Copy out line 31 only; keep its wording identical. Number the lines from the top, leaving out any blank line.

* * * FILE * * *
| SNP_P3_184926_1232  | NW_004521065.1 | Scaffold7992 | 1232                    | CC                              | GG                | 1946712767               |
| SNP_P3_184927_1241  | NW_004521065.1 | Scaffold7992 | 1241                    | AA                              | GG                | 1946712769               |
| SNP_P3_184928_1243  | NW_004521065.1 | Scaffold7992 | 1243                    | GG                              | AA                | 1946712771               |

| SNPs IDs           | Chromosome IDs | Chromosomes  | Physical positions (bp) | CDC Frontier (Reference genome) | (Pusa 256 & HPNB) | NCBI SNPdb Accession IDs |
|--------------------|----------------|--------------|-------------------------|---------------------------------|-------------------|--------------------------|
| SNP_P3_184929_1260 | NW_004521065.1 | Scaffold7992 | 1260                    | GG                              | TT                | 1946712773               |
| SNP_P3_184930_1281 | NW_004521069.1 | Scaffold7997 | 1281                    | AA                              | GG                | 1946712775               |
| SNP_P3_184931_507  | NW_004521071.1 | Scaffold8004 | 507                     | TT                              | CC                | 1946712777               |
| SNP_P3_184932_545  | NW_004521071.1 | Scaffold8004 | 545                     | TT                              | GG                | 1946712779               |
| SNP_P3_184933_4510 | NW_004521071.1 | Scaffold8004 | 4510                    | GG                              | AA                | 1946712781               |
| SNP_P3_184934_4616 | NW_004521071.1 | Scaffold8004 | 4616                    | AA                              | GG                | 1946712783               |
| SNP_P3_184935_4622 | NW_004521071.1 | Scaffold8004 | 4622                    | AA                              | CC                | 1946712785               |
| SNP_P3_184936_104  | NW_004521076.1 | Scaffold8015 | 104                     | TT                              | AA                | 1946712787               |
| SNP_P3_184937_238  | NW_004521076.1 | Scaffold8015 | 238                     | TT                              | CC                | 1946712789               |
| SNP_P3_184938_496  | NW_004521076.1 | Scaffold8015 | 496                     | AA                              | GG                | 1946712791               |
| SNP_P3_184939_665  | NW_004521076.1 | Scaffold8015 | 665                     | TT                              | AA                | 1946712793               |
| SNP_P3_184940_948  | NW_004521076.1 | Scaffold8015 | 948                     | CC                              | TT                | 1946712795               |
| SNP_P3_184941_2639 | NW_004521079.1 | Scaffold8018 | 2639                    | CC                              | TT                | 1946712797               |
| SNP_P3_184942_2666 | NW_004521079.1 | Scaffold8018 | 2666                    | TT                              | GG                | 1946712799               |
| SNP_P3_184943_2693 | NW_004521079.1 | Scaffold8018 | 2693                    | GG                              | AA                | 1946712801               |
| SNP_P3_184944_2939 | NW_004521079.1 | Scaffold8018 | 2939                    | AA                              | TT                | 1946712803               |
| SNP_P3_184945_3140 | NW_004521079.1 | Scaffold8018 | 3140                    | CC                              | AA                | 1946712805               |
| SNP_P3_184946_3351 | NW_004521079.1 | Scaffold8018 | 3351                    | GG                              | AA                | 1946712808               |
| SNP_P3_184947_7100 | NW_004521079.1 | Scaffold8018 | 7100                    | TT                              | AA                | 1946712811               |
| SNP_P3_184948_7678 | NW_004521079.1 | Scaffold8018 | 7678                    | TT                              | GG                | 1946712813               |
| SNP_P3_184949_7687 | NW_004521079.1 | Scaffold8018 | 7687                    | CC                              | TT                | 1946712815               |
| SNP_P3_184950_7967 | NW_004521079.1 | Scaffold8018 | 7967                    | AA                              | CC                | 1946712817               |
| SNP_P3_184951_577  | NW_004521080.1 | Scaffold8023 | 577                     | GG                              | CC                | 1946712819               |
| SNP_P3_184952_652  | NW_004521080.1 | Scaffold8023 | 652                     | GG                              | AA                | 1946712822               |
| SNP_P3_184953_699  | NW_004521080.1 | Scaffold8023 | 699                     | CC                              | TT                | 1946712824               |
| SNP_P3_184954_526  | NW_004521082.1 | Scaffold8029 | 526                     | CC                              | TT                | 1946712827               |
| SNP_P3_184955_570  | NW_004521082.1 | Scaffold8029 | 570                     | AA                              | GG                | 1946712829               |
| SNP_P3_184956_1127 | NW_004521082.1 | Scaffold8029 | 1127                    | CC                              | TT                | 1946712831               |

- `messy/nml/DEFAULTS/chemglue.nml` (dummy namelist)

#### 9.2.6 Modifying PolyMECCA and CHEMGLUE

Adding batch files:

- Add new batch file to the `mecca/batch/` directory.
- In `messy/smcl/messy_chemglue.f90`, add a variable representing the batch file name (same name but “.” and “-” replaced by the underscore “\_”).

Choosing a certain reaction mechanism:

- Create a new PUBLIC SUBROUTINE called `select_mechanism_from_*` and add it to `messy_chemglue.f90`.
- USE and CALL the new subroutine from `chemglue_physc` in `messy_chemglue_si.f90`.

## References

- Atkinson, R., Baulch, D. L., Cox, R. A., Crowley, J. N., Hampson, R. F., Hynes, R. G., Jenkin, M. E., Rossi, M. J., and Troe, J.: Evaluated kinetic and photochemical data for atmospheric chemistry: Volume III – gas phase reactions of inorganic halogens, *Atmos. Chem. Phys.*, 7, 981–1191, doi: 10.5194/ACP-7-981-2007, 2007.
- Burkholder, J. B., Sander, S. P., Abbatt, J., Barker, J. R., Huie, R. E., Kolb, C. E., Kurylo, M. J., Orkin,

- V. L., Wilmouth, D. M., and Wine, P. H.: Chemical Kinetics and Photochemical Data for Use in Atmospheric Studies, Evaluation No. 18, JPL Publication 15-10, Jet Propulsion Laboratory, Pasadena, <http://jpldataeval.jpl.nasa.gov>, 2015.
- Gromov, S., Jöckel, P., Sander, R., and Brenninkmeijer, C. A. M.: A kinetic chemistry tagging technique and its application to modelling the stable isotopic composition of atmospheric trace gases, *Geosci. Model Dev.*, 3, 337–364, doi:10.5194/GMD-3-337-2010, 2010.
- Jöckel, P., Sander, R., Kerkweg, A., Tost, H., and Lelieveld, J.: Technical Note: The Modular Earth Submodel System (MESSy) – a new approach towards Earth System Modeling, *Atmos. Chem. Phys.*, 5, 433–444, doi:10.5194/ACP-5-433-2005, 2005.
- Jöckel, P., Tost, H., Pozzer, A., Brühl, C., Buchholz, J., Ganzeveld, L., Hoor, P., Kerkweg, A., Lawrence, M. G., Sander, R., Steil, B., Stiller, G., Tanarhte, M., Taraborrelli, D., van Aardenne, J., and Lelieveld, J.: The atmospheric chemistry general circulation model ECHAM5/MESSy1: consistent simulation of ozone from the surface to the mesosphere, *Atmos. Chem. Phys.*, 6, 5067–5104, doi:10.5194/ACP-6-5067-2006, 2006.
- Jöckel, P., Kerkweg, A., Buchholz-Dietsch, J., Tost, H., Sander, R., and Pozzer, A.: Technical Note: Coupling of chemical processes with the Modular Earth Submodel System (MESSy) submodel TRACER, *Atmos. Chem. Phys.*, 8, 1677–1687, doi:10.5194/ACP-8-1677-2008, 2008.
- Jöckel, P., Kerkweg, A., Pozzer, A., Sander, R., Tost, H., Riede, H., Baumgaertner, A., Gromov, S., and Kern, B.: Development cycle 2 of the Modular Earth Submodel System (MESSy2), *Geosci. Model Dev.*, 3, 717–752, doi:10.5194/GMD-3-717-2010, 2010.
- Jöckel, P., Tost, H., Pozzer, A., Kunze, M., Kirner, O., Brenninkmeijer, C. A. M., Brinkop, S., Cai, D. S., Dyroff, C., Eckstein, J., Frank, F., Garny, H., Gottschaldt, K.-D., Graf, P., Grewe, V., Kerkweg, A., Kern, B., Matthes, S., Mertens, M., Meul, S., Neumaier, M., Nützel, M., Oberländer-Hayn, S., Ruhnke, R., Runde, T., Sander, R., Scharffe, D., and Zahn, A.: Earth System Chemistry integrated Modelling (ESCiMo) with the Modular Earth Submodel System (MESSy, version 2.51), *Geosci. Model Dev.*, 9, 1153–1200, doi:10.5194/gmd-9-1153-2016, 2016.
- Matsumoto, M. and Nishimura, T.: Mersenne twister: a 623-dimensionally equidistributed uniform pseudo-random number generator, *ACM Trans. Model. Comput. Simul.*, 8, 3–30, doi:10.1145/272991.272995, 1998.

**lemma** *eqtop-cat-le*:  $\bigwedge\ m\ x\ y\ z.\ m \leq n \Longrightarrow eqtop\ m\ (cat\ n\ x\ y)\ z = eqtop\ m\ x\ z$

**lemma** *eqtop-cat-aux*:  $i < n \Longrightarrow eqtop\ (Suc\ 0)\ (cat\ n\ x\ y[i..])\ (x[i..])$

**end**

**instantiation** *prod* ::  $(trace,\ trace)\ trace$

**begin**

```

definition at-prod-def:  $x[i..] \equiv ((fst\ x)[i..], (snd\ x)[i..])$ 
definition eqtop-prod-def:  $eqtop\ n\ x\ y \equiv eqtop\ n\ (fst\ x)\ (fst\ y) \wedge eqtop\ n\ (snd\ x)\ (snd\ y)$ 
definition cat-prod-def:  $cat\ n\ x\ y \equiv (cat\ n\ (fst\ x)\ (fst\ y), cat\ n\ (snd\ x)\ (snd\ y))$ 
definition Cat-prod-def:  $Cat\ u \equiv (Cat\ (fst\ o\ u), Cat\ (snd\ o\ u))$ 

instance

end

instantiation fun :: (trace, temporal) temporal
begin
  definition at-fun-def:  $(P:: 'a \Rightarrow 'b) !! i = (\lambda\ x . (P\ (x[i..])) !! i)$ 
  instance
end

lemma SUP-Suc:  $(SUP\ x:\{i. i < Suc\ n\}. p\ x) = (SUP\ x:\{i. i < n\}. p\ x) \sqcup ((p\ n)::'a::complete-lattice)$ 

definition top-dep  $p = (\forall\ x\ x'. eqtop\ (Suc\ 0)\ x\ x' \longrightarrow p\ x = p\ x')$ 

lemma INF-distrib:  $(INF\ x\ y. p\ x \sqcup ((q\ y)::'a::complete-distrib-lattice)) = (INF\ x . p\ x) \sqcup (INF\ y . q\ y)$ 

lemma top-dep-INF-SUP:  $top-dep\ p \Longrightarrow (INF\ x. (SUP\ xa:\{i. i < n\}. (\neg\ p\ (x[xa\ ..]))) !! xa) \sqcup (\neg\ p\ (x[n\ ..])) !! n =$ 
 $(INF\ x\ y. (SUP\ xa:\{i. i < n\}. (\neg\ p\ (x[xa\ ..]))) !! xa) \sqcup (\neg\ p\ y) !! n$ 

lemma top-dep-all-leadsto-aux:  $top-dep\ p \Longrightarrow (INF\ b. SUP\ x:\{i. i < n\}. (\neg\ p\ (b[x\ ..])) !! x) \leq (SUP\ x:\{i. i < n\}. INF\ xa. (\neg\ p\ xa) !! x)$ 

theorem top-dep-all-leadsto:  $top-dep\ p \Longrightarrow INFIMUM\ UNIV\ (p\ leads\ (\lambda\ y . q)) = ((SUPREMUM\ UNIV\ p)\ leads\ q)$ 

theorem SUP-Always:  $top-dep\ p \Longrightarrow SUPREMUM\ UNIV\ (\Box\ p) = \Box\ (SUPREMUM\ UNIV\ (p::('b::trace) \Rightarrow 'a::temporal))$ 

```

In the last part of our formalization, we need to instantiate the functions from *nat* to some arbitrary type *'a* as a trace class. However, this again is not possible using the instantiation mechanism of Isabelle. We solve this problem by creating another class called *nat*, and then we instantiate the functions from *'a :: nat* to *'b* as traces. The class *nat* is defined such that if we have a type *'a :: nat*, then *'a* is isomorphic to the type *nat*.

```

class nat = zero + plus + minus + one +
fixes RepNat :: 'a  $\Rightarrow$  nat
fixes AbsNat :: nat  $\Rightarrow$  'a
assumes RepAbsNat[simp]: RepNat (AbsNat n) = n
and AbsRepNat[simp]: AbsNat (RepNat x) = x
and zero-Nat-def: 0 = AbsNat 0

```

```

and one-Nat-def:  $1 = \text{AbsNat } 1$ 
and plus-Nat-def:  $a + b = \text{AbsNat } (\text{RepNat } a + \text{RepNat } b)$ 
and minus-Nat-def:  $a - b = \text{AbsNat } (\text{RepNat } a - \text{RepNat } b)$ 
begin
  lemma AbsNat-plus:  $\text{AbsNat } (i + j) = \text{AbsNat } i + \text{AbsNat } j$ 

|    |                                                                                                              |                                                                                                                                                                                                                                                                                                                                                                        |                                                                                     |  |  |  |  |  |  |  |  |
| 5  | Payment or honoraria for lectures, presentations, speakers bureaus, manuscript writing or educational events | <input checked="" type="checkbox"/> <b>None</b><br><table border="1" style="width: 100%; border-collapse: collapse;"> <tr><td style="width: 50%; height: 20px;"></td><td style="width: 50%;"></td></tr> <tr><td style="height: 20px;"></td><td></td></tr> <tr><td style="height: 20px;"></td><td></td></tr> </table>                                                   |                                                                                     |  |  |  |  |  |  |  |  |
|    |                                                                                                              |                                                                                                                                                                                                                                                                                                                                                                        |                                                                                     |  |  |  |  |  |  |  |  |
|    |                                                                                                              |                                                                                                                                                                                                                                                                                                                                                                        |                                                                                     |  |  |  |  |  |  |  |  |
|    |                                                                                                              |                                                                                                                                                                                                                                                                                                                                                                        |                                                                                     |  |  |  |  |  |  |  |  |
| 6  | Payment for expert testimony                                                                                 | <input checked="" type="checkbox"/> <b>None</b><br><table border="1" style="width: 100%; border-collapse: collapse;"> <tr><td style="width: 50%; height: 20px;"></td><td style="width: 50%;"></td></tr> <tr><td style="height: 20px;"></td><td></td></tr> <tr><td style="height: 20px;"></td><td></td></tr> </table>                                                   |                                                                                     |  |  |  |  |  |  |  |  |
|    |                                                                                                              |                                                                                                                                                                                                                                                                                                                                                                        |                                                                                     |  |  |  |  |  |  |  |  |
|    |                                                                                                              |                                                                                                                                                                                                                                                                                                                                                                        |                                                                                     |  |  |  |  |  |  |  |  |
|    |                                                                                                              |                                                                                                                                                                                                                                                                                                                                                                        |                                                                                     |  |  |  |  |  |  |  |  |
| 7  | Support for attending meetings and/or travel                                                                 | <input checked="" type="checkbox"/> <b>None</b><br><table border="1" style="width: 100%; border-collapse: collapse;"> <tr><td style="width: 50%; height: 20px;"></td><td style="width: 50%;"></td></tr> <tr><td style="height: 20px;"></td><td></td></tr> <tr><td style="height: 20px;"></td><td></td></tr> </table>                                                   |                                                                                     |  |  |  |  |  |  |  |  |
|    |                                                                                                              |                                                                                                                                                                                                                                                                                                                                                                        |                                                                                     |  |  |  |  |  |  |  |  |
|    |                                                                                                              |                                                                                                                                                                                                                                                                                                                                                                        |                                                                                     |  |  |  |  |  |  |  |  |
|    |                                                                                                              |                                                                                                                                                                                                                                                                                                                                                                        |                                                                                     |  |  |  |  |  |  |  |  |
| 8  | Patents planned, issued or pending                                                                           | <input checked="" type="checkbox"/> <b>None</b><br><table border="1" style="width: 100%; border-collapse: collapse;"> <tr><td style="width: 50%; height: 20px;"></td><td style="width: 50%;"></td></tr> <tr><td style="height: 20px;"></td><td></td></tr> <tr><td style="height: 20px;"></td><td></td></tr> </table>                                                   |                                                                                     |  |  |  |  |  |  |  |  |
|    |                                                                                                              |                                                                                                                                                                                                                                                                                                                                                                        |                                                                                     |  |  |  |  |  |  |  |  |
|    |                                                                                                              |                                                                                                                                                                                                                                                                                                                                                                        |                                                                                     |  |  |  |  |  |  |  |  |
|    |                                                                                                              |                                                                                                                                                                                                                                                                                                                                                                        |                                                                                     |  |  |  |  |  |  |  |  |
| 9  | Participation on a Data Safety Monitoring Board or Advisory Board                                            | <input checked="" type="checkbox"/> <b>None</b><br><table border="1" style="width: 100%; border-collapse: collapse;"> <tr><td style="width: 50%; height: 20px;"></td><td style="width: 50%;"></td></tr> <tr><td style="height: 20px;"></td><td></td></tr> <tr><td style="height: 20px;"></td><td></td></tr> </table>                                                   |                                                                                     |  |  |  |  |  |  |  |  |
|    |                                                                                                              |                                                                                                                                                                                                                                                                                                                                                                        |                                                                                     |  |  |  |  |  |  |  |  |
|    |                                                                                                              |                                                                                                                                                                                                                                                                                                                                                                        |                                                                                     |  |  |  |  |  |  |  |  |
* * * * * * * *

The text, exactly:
| SNP_P3_184954_526  | NW_004521082.1 | Scaffold8029 | 526                     | CC                              | TT                | 1946712827               |